German Social Democratic chancellor candidate Peer Steinbrueck said he’ll rely on a get-out-the-vote operation targeting disaffected voters in the final weeks of the September election to defeat Chancellor Angela Merkel.
Germany’s SPD has lost as many as 9 million voters since it won the 1998 election, most of whom stayed away from polls rather than turn to alternative parties, Steinbrueck said. He aims to win them back in a voter-mobilization drive in the six weeks before the Sept. 22 national election.
“Then we’ll be in a strategically interesting position,” Steinbrueck told foreign journalists today in Berlin.
Steinbrueck’s SPD trails Merkel’s Christian Democratic Union by more than 10 percentage points in most national polls, having failed to gain resonance on a campaign of social justice and tax increases as he confronts a popular leader. The SPD politician fired his chief spokesman this week following a series of campaign gaffes.
Steinbrueck, who was Merkel’s finance minister from 2005 to 2009, lashed out at what he called the chancellor’s absent leadership and “one-dimensional” crisis management that’s focused on budget cuts. He sounded campaign themes of tax fairness, fighting tax evasion, education and rent regulation.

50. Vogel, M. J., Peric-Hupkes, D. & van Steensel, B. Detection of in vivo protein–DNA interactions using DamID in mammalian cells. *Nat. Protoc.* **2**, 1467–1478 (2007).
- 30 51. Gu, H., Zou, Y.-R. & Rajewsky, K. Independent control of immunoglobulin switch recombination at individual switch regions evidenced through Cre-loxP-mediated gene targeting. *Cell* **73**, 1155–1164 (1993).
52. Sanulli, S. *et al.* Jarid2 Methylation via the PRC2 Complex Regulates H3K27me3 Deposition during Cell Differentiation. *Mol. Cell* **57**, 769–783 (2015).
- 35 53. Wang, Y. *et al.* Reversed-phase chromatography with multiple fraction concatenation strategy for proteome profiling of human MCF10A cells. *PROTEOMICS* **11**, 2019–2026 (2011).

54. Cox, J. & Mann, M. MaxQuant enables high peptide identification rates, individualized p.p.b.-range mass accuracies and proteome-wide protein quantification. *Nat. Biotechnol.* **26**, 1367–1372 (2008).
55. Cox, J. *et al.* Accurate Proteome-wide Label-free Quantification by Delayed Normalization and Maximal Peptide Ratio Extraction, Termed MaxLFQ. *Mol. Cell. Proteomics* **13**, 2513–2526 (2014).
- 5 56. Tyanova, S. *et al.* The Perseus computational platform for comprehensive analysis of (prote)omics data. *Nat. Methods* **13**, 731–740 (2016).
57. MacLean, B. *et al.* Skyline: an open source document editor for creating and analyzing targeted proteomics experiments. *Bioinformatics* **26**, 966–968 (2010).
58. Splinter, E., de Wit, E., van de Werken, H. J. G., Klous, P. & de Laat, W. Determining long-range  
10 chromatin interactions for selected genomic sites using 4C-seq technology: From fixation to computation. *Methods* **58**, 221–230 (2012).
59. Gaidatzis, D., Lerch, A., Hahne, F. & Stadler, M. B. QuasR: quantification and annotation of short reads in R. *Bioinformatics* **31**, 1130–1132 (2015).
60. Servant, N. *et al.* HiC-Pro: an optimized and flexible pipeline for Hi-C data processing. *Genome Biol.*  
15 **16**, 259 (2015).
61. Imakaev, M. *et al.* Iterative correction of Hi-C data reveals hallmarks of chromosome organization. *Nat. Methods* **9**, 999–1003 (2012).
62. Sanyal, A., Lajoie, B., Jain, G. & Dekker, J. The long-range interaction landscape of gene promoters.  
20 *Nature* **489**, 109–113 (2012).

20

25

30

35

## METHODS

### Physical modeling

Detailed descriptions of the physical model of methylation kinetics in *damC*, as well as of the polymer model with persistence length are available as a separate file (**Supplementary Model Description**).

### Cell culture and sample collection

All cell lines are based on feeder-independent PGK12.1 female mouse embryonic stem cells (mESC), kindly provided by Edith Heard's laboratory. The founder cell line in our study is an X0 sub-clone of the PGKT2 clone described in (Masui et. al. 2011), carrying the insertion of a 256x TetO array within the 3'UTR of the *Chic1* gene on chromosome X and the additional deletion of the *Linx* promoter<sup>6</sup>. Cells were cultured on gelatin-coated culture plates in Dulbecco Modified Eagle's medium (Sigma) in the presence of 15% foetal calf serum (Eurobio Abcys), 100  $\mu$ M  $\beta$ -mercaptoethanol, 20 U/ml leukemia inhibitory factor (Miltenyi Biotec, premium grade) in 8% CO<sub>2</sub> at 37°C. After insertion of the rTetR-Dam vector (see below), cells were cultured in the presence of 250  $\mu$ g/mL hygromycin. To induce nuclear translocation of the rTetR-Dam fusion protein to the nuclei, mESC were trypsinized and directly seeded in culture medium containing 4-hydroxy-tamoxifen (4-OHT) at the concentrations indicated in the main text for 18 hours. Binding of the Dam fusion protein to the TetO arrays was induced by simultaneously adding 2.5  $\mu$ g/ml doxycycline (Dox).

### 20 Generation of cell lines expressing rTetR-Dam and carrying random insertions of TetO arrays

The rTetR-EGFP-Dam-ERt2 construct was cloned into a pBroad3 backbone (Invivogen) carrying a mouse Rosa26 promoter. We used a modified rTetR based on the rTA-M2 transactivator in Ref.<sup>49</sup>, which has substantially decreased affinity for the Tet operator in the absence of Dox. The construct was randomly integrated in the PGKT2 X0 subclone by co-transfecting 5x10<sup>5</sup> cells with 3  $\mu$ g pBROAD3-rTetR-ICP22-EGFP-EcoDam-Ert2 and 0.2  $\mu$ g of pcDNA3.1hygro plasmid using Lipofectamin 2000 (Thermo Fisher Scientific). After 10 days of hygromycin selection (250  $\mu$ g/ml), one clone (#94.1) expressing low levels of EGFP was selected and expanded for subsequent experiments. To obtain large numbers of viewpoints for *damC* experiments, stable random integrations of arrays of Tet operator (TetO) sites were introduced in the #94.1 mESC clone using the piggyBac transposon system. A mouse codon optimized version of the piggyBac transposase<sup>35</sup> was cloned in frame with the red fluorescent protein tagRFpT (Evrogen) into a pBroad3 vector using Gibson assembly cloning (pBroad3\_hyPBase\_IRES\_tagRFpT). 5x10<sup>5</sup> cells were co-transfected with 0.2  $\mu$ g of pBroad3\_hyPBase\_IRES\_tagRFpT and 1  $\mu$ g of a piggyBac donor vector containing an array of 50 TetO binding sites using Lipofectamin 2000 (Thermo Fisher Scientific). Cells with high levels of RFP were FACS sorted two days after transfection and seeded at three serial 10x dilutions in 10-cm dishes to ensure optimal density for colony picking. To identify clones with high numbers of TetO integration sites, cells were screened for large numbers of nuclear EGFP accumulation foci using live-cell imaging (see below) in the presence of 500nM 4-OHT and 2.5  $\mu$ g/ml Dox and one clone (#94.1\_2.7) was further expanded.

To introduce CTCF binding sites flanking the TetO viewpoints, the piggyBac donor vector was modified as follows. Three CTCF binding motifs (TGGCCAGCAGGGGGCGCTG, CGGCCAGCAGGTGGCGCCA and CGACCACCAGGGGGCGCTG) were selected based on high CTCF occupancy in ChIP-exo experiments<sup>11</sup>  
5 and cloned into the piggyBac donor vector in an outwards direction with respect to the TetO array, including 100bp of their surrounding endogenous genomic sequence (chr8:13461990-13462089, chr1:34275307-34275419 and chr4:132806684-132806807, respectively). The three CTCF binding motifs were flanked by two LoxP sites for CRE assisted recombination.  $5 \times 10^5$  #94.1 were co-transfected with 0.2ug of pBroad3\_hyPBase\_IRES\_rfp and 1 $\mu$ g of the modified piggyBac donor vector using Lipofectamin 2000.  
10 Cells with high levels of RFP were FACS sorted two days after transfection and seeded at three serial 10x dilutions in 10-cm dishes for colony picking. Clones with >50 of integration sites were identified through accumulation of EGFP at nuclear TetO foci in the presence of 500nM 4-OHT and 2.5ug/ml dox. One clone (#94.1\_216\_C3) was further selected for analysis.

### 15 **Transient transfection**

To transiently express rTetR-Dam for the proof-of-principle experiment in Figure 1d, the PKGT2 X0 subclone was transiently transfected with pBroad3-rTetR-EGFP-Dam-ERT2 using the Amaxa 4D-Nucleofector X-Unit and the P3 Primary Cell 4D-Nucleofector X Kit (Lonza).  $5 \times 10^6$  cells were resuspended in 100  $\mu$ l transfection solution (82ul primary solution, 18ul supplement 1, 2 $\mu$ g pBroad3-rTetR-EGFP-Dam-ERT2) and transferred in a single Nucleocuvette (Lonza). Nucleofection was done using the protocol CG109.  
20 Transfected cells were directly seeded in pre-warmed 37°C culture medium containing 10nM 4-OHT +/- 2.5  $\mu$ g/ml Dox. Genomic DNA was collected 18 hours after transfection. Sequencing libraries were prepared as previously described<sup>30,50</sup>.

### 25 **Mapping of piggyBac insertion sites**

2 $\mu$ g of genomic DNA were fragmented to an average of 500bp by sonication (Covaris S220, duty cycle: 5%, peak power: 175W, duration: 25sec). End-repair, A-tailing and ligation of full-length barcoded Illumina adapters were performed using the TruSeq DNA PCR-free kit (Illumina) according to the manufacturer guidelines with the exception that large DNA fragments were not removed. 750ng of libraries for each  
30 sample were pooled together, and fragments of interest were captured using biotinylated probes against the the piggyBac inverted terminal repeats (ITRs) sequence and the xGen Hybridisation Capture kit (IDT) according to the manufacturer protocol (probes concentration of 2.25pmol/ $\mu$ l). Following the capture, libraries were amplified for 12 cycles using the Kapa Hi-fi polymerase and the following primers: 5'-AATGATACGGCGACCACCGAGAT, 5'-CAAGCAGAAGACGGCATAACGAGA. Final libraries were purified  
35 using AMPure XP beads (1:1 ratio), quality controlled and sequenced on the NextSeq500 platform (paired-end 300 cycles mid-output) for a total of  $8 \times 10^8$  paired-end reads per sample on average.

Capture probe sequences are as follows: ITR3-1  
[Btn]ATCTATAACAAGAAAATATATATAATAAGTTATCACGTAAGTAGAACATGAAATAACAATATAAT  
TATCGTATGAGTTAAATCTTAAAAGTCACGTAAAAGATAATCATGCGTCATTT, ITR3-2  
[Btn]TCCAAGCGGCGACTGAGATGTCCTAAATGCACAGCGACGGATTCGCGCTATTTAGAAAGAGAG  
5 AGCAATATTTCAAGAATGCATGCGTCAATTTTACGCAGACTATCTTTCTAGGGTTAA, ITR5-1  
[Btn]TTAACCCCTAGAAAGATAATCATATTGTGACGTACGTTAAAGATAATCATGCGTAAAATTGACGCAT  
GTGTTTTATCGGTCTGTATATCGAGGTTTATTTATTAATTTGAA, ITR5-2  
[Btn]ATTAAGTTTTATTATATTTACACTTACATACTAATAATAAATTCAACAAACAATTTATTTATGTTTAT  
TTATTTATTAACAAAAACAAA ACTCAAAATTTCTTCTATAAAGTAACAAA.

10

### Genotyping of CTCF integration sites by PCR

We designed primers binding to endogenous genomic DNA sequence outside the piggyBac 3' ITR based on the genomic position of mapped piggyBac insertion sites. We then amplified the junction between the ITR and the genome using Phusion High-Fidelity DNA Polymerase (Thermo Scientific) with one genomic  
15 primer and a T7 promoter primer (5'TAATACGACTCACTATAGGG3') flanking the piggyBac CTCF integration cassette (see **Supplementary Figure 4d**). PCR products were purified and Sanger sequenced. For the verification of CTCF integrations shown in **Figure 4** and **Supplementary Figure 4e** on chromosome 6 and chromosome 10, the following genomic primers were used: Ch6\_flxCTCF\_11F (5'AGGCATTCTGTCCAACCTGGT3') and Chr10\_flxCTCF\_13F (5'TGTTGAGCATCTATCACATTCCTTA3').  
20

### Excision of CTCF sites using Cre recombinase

The candidate predicted that the election campaign will start in earnest by mid-August and the SPD’s objective will be voter turnout. He cited the historically low turnout of 70.8 percent in 2009 as an element of the SPD’s misfortunes.
“Germany’s voting population is more volatile than ever before,” Steinbrueck said. “Many decide in the last seven to 10 days whether they’ll vote and for whom.”
The SPD was 16 percentage points behind the CDU-led bloc in a weekly Forsa poll, at 24 percent to 40 percent. Neither party had enough support to form a coalition with its favored partner, with the SPD-allied Greens at 13 percent and Merkel’s current partner, the Free Democrats garnering 5 percent. The poll surveyed 2,501 people from June 6-7.
Steinbrueck’s candidacy has been hampered from early revelations of speaking fees from banks after he left government in 2009 and gaffes including his claim that the chancellor’s annual 220,000 euro ($293,000) salary isn’t enough.
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